This is toxic to a country where just in 2014, data from the U.S Census Bureau conveyed that 50.2 percent of the 20 million children under 5 in the United States were minorities.

Another question that comes to mind is, what if roles were reversed? Well, just by the fact that some people are troubled with the fact that a racist family is the antagonist in the highly rated phenomenon, Get Out, by Jordan Peele, I infer that the issue would garner more attention and yearned anomaly.

It’s certainly disproportionate that one single racist family produced much stir while the consistent dosage of negative portrayals of minorities being displayed through mainstream media every day has been widely ignored.

Moonlight received the Academy Award for Best Picture at this year’s Oscars ceremony.

The 8.1 percent is substantially diminutive for a country with such a rapidly growing minority population.  Back to the question, are we starting to break out of a confined box, or are minuscule holes just being placed through the box as a way to try to temporarily mediate an increasingly controversial issue?

In my political science breakout class, we had a debate one week. The debate topic was reparations to the black community, and it seemed that some people in the class went with the idea that African-American people weren’t treated any differently than white people in America.

When they shared their opinions, I constantly got the idea that they thought that since we aren’t still in slavery or facing segregation, we somehow are being equally treated. Because they do not first handily experience oppression, they cannot attest to its grimacing face.

What was more interesting was that when talking about this same issue of underrepresentation of minorities in generalized roles the following week, these same people simply did not think the issue existed.

I believe that the shallow idea that 100 percent of television personalities aren’t white have caused them to believe that other minorities have just as much representation.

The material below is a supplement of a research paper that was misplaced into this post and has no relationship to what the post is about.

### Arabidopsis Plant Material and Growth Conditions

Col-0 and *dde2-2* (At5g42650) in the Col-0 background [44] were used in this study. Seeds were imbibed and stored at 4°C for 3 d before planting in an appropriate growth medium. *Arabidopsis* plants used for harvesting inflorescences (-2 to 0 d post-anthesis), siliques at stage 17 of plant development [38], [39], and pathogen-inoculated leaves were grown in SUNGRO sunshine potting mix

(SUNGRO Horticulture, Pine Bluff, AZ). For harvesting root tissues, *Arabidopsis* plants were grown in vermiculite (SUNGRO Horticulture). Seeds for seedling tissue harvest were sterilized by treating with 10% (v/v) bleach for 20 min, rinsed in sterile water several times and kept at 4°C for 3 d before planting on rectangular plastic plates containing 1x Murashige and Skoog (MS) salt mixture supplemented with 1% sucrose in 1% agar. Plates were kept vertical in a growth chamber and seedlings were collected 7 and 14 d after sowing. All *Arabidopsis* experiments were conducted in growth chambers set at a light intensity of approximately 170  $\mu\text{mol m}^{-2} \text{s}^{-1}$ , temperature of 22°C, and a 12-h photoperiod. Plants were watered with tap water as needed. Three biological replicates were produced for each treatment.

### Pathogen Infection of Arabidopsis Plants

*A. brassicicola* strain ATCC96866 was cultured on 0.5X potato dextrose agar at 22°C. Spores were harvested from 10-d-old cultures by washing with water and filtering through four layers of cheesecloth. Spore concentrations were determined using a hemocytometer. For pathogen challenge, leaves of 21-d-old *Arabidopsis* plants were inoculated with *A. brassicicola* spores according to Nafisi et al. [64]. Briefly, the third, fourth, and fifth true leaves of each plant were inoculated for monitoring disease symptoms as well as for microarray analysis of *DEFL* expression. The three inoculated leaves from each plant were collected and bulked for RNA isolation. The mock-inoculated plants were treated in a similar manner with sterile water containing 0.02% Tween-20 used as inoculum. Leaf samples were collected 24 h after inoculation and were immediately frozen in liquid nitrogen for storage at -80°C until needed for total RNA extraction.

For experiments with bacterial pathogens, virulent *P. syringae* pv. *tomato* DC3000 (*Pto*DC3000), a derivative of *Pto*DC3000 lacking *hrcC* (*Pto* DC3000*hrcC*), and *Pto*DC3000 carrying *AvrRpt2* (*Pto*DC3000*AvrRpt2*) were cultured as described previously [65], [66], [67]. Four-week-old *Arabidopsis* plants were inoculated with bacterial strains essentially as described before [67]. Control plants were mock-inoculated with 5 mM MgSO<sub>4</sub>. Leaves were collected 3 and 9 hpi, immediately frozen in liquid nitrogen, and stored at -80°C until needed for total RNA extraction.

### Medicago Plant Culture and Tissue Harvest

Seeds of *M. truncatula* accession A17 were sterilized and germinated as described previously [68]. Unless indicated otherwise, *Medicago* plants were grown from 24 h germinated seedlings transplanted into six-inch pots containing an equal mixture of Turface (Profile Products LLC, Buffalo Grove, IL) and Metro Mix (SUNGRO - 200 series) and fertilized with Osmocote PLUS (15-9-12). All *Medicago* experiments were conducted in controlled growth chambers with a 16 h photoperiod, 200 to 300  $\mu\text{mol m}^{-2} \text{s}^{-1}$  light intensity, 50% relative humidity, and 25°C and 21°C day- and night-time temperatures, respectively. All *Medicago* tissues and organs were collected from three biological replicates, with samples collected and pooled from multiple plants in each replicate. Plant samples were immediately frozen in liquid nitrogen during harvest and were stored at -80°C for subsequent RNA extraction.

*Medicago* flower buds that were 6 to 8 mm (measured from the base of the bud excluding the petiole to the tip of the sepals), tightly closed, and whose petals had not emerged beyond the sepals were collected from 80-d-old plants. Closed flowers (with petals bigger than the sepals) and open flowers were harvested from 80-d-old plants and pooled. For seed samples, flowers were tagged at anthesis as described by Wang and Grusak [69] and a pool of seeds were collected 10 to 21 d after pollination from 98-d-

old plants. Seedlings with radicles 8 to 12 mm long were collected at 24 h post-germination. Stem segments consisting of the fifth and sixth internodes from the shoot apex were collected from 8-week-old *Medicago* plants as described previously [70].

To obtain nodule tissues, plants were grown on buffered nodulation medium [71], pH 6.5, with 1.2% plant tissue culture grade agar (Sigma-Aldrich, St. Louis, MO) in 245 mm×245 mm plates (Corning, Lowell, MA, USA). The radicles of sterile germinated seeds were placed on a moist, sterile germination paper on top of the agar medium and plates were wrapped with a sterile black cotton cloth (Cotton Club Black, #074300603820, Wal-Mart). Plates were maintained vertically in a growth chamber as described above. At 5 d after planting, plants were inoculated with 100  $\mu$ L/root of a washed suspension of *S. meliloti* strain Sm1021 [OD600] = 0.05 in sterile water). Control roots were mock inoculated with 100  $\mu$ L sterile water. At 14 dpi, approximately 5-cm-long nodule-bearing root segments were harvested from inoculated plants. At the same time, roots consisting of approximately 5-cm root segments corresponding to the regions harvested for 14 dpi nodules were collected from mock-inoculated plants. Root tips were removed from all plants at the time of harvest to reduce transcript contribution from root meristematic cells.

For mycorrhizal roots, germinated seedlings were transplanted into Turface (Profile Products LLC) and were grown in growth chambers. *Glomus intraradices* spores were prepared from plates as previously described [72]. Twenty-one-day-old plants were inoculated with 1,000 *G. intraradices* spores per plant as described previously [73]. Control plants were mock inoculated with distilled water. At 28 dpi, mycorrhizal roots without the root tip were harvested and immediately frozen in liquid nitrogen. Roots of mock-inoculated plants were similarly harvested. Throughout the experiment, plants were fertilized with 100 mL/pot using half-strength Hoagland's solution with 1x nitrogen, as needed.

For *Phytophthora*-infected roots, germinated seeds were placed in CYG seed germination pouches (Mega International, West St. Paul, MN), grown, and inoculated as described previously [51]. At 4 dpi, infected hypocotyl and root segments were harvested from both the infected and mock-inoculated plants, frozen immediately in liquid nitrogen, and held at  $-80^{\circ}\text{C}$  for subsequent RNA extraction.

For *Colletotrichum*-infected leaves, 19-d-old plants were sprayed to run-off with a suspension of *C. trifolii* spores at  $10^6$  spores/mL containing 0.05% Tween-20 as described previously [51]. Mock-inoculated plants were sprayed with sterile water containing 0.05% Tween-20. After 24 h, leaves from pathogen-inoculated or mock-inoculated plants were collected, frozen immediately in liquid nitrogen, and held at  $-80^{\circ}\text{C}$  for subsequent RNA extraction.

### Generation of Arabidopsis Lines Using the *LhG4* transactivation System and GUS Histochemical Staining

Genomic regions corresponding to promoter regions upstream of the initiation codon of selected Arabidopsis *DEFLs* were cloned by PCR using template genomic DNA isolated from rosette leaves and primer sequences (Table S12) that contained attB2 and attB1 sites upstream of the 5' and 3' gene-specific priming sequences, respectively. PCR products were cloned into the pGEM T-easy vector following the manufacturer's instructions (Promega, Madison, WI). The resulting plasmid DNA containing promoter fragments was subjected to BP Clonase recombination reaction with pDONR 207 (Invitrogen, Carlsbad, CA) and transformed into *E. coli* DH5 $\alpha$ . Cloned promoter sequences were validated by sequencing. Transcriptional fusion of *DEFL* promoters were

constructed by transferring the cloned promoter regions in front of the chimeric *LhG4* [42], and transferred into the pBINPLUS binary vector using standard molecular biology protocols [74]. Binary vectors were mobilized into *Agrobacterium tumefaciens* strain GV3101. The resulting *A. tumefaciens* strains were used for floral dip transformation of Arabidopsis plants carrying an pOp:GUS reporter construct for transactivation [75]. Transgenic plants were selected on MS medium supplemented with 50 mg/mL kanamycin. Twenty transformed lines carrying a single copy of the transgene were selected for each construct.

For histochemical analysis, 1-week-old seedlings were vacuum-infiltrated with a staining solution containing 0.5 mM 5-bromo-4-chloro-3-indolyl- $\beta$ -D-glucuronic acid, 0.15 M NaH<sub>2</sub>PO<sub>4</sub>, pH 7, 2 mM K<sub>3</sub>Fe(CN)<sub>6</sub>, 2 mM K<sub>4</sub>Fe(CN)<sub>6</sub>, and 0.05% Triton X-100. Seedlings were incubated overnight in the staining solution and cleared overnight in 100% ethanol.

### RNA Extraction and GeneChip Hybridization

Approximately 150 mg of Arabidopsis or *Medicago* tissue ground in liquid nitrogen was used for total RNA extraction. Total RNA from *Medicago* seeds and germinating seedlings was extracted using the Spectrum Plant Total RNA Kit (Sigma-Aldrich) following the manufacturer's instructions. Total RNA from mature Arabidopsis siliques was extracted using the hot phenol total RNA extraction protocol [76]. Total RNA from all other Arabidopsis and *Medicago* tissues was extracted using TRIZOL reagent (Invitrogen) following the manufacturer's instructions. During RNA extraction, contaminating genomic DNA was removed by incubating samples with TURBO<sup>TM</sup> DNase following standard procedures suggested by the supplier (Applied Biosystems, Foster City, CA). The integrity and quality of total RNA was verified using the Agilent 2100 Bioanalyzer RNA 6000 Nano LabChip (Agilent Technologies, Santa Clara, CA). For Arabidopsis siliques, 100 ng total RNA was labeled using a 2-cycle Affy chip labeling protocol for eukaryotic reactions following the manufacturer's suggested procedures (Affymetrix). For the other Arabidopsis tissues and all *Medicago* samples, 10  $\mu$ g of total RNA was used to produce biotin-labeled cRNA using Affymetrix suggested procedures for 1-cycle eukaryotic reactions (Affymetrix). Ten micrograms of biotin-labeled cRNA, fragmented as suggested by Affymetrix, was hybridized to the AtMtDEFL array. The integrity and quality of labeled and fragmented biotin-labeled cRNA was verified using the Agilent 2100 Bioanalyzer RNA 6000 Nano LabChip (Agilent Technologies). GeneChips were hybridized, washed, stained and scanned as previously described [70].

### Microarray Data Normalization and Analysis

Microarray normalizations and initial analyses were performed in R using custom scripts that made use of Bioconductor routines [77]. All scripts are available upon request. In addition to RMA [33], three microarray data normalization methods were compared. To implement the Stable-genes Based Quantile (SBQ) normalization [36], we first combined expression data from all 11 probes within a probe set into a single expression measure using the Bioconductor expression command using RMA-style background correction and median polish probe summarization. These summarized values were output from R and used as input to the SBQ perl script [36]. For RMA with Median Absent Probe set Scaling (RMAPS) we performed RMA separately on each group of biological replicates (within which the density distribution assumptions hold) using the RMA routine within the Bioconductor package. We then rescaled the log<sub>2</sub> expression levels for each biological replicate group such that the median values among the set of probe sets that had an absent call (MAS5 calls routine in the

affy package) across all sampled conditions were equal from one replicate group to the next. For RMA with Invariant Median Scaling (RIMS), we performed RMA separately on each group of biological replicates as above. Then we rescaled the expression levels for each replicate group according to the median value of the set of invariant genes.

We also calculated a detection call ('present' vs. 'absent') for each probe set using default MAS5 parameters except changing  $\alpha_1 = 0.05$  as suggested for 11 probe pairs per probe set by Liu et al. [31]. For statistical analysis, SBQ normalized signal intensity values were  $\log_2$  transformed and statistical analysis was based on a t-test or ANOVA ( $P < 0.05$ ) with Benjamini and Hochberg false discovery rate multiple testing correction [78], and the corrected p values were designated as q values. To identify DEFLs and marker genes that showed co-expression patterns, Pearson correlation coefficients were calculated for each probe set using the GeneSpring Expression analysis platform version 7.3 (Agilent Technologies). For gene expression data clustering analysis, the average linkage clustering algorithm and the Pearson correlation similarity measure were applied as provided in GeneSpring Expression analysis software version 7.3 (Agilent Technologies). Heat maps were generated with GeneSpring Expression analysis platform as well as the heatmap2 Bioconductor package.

Their misunderstanding led me to wonder if many of the prominent creators in film share the same perspective. Are these small holes just being punctured into that box of minority underrepresentation to simply silence the issue? Are minorities just being sprinkled into television roles just to provide grounds to claim that minorities are being represented equally with the majority when we are light years away from being represented like we should be?

I equate it to being trapped inside of a box where small holes are solely pierced through to allow oxygen and limited light to seep through just to keep you from going frantic. These small holes keep you alive, but it doesn’t take away from the fact that you are still annexed from the outside world.

Through it all, I definitely agree that we should thoroughly support diversity in movies. I believe that actors, actresses, news anchors, analysts, talk show hosts, etc. who are African-American, White, Indian, Hispanic and Asian should be placed behind these cameras to tell their own stories.

We are certainly headed in the right direction. It’s great that there is beginning to be an influx of minority culture and stories being displayed in modern movies, shows, and commercials. However, there is still tons to be desired.

We can use these minutely punched holes as a starting point in order to make larger openings until we eventually break out of what has been an encompassing box for so long.